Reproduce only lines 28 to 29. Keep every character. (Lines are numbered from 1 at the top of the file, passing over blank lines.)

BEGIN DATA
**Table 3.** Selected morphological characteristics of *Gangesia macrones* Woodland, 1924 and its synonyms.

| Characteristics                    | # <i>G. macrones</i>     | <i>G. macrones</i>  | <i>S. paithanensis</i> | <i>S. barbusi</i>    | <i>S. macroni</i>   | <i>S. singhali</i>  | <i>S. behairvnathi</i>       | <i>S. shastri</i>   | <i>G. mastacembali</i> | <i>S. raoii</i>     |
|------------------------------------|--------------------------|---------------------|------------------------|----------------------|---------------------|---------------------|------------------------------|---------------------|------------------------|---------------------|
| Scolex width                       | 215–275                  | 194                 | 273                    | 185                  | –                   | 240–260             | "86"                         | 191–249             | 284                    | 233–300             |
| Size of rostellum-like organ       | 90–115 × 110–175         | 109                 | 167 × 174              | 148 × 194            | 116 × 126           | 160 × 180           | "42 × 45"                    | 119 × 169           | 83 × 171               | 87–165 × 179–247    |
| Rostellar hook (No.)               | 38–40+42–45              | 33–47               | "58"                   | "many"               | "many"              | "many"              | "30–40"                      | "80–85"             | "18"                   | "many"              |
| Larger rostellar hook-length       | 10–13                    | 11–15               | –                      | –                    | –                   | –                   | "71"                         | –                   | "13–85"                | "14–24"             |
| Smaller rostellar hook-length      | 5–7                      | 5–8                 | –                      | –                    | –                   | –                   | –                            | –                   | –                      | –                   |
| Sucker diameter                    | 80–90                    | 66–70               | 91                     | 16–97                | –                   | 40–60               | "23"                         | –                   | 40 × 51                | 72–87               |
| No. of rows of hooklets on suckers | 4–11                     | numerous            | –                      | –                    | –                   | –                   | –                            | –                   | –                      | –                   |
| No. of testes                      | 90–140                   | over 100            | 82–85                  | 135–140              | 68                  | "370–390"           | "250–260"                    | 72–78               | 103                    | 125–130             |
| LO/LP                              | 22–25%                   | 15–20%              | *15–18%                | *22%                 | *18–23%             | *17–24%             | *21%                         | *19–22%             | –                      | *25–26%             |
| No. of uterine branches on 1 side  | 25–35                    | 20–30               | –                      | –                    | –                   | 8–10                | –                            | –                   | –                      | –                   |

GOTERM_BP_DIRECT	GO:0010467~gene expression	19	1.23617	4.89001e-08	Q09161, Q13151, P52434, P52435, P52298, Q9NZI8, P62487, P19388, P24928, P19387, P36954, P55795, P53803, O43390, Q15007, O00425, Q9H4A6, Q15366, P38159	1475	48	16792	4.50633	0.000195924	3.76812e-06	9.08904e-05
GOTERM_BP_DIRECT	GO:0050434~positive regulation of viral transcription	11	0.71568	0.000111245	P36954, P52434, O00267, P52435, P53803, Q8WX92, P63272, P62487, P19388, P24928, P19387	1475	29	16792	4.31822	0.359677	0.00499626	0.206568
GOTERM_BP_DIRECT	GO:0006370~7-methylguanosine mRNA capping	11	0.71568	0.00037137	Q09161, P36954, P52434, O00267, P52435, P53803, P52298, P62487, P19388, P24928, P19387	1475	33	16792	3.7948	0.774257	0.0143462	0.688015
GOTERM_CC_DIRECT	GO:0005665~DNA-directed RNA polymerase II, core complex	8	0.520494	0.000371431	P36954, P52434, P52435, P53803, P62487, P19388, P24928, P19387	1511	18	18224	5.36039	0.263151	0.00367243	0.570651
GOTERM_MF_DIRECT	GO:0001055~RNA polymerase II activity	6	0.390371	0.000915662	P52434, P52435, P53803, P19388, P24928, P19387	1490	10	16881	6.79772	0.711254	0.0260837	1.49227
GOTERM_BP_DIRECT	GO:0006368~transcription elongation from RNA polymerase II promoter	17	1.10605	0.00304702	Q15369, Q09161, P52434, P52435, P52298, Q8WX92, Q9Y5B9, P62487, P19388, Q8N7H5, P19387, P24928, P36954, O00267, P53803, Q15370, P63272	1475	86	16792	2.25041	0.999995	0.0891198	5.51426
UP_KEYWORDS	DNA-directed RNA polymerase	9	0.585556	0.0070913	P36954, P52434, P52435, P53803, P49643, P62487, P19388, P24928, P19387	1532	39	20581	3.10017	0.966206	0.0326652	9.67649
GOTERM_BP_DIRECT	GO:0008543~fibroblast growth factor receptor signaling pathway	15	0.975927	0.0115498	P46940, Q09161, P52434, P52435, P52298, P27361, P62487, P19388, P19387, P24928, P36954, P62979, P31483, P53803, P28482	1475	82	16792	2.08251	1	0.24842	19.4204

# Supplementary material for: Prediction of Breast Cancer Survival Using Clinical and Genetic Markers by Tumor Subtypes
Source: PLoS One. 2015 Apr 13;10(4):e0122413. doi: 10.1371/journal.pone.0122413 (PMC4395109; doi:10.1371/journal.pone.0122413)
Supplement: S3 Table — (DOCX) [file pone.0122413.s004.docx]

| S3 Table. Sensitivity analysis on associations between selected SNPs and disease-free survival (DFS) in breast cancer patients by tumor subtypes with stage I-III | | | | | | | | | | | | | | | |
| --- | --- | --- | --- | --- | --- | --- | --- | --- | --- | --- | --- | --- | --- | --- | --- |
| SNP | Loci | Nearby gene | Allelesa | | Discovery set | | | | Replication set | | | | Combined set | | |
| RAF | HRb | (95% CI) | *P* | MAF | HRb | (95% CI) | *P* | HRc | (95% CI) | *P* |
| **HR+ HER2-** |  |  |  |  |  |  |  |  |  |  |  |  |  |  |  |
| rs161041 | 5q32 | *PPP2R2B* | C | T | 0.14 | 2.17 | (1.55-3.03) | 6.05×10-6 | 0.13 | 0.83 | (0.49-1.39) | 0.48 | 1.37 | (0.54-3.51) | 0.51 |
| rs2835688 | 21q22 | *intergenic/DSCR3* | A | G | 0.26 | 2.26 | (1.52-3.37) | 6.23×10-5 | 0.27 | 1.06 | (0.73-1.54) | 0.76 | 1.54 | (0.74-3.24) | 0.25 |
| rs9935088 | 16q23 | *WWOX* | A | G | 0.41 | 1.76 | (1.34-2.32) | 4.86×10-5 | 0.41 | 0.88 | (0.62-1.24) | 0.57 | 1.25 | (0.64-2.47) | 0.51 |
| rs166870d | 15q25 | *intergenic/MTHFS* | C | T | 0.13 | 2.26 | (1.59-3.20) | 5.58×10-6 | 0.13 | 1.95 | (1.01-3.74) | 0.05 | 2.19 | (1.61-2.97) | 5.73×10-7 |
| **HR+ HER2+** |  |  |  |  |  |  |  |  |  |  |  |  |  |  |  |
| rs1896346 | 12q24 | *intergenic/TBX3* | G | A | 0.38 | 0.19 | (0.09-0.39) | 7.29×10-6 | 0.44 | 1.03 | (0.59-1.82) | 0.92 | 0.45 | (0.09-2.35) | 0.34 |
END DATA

| RAF | HRb | (95% CI) | *P* | MAF | HRb | (95% CI) | *P* | HRc | (95% CI) | *P* |
| **HR+ HER2-** |  |  |  |  |  |  |  |  |  |  |  |  |  |  |  |